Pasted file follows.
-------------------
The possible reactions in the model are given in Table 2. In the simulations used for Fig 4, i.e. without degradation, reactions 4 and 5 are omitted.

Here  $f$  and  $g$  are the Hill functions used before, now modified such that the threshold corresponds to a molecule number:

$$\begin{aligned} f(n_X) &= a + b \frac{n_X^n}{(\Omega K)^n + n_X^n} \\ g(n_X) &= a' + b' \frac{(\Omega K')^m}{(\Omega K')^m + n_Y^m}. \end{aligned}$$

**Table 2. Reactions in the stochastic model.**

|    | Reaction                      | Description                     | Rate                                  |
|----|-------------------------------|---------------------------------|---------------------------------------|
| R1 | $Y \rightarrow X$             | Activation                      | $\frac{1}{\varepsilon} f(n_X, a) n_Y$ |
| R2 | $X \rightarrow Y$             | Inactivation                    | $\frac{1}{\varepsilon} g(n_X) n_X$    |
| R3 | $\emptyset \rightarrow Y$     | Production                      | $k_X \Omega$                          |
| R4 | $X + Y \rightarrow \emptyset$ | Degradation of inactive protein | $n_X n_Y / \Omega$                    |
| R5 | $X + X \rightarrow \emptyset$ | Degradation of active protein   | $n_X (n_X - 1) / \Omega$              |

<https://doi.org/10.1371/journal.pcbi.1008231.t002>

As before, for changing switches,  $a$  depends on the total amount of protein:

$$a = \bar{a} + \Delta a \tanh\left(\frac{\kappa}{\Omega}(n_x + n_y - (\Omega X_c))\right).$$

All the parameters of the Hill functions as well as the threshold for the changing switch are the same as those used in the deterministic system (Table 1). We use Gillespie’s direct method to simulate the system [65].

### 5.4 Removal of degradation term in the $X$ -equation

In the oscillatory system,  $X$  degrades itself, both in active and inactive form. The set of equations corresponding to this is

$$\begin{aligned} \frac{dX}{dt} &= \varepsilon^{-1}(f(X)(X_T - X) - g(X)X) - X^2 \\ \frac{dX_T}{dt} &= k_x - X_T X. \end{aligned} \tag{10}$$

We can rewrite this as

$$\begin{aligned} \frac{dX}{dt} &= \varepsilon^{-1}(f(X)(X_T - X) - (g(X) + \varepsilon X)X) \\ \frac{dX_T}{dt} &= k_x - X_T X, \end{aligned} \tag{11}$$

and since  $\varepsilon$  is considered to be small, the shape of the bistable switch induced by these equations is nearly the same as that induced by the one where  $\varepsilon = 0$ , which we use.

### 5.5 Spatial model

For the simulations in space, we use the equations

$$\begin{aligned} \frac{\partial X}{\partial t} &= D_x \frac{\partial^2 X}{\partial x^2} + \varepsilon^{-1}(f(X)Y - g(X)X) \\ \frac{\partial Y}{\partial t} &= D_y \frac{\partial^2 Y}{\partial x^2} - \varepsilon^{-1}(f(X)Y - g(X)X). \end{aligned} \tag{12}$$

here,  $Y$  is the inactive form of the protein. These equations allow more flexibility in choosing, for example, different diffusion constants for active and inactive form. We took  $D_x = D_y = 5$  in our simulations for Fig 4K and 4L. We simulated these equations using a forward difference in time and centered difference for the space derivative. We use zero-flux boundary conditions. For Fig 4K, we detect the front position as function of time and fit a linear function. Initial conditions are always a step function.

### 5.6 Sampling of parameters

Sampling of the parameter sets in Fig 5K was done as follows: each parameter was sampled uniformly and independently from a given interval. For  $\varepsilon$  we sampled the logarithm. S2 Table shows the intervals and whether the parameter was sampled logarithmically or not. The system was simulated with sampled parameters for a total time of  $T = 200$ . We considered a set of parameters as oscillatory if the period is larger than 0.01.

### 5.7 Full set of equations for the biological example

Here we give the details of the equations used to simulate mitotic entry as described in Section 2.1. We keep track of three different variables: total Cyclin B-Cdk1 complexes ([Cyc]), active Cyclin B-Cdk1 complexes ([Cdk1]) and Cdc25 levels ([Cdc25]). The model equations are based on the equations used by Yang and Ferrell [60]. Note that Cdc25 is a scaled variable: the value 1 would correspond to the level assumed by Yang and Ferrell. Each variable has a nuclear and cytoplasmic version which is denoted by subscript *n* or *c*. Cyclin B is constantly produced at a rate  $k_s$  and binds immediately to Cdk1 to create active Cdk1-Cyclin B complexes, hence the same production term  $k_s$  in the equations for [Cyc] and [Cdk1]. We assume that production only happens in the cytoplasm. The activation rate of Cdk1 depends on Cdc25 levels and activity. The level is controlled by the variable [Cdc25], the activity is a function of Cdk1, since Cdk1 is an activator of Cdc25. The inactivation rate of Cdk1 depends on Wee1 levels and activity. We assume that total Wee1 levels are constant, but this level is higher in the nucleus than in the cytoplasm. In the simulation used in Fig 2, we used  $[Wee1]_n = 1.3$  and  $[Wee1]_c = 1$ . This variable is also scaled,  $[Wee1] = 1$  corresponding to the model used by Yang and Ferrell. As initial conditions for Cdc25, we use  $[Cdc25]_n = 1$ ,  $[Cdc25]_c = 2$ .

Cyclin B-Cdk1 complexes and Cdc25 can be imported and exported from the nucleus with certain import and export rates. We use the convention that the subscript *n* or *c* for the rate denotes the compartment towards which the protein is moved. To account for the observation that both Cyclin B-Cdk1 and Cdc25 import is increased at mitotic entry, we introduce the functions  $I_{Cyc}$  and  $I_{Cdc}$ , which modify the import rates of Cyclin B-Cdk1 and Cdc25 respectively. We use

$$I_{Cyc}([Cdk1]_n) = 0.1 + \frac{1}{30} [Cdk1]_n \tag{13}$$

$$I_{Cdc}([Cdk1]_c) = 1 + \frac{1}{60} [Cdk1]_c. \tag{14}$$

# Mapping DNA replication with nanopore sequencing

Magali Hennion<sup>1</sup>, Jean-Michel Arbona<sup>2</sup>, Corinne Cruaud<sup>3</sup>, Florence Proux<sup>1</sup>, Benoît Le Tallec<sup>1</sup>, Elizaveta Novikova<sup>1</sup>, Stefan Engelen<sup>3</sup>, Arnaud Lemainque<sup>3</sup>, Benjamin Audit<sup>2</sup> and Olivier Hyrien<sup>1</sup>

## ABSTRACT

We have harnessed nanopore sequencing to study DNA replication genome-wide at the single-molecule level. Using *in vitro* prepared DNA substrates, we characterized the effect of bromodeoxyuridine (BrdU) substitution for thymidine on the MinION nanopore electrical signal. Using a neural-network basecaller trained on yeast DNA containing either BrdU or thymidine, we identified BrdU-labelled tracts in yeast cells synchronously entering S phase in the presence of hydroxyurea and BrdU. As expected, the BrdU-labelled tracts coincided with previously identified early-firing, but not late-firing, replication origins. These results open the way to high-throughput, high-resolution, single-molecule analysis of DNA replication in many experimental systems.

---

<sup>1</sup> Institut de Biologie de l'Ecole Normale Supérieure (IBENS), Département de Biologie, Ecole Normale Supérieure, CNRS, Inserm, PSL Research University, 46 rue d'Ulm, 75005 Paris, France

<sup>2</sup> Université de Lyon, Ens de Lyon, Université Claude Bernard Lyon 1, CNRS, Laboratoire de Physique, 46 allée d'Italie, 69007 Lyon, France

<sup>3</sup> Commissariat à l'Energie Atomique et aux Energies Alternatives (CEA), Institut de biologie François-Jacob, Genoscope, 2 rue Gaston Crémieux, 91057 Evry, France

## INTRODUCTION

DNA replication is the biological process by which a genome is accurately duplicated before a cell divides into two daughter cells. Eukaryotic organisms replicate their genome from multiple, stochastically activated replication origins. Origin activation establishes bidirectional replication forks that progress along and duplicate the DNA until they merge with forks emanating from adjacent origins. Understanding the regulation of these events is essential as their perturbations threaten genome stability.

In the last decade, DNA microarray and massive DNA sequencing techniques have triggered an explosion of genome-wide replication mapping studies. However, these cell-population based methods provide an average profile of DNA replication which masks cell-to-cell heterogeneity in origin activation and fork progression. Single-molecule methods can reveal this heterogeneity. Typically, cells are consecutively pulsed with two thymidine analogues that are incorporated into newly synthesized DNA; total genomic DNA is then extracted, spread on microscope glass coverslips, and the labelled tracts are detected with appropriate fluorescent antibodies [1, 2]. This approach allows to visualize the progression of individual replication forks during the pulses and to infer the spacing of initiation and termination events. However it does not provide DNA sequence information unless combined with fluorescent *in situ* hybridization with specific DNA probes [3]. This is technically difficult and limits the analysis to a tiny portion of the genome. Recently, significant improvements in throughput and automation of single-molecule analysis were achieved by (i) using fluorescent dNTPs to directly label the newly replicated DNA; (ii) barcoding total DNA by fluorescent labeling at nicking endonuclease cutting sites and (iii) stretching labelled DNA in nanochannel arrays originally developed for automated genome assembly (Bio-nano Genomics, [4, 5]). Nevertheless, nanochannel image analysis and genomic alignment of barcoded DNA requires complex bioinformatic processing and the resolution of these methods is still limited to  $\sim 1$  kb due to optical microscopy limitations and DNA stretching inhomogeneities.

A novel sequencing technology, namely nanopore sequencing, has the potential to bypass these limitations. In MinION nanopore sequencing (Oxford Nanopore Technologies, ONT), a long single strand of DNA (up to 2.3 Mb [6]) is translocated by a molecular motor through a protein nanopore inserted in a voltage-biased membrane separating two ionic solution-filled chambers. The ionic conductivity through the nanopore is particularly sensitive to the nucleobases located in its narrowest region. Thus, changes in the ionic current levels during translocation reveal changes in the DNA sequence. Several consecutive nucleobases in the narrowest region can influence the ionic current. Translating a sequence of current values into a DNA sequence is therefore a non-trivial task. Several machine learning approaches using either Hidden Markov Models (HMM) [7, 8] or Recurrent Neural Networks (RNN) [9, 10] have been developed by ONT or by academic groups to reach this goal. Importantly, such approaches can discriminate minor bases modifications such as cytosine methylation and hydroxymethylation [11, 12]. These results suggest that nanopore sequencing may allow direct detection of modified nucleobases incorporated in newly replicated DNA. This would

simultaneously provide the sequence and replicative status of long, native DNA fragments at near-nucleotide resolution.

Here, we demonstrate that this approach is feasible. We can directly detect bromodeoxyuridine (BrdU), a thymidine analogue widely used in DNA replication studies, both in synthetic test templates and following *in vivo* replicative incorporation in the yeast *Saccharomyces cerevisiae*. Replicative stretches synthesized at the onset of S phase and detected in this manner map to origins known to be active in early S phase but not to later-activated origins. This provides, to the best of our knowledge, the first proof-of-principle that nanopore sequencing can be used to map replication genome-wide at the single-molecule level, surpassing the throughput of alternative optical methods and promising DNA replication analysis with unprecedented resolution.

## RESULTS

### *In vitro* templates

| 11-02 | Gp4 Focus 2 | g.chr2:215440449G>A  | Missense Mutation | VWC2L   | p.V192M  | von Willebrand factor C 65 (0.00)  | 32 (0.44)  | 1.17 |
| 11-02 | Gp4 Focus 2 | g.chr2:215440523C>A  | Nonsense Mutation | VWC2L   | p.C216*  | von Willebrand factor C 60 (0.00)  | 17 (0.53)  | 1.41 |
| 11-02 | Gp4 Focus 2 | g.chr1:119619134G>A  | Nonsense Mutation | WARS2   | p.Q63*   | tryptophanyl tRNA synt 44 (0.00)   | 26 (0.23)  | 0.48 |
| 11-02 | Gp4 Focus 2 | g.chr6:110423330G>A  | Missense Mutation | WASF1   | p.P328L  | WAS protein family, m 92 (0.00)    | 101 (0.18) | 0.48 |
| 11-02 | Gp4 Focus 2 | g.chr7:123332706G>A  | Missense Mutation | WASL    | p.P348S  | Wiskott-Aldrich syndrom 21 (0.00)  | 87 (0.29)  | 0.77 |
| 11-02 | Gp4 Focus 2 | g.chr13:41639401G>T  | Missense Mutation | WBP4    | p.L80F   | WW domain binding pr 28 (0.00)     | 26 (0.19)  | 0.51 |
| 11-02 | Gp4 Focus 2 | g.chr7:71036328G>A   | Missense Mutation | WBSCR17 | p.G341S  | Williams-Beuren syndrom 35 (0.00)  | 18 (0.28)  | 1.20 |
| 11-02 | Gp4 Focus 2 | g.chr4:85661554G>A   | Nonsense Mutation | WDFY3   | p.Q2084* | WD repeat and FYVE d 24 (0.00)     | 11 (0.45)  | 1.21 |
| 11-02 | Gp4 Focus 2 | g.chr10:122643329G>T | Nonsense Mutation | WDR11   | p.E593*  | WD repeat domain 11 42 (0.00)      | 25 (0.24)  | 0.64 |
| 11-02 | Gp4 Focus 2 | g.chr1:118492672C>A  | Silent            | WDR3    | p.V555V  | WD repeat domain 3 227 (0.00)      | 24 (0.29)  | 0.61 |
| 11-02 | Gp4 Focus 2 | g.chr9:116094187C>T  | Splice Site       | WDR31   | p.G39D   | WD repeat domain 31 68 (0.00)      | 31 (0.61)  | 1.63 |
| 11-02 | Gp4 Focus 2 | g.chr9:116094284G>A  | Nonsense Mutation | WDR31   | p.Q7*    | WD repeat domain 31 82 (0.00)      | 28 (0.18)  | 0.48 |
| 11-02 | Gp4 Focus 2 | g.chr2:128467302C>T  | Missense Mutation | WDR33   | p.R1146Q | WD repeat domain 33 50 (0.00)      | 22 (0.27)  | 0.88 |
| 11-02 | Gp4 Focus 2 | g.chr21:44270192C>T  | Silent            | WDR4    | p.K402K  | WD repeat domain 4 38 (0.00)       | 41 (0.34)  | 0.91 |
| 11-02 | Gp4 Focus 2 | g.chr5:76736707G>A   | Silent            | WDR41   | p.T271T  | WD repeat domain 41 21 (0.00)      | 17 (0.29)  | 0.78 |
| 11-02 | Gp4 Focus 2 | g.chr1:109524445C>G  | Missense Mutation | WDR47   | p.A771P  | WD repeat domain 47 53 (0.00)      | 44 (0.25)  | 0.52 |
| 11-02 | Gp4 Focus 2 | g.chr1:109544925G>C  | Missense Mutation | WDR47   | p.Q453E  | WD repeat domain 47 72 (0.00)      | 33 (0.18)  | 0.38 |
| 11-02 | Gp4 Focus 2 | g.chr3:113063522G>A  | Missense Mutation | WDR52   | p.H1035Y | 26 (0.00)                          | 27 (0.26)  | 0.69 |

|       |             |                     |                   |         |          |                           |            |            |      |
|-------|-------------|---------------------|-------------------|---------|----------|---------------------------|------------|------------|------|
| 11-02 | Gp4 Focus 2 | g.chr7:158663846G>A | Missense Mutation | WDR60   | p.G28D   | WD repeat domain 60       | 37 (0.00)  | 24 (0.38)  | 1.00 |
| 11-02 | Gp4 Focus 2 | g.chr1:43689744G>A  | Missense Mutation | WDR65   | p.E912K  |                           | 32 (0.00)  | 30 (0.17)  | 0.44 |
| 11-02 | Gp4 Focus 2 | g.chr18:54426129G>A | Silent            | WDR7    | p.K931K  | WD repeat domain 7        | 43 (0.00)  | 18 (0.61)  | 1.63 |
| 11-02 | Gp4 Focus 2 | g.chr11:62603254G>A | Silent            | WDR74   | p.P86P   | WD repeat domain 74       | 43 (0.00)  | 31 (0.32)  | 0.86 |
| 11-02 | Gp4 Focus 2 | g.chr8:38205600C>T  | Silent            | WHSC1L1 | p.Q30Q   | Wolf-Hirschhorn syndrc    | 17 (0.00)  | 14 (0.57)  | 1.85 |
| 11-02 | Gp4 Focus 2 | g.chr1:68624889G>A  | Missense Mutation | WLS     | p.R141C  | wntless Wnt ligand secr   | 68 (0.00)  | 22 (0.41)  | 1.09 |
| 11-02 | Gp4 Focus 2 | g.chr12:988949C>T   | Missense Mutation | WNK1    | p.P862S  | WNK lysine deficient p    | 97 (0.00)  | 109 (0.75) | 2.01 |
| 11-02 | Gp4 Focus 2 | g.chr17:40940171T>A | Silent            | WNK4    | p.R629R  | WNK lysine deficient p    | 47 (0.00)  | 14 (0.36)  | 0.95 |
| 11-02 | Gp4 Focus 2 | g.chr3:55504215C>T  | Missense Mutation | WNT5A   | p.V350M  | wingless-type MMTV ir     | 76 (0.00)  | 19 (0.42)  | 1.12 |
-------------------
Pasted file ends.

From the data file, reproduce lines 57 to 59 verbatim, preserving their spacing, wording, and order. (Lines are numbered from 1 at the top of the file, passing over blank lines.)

| 11-02 | Gp4 Focus 2 | g.chr10:122643329G>T | Nonsense Mutation | WDR11   | p.E593*  | WD repeat domain 11 42 (0.00)      | 25 (0.24)  | 0.64 |
| 11-02 | Gp4 Focus 2 | g.chr1:118492672C>A  | Silent            | WDR3    | p.V555V  | WD repeat domain 3 227 (0.00)      | 24 (0.29)  | 0.61 |
| 11-02 | Gp4 Focus 2 | g.chr9:116094187C>T  | Splice Site       | WDR31   | p.G39D   | WD repeat domain 31 68 (0.00)      | 31 (0.61)  | 1.63 |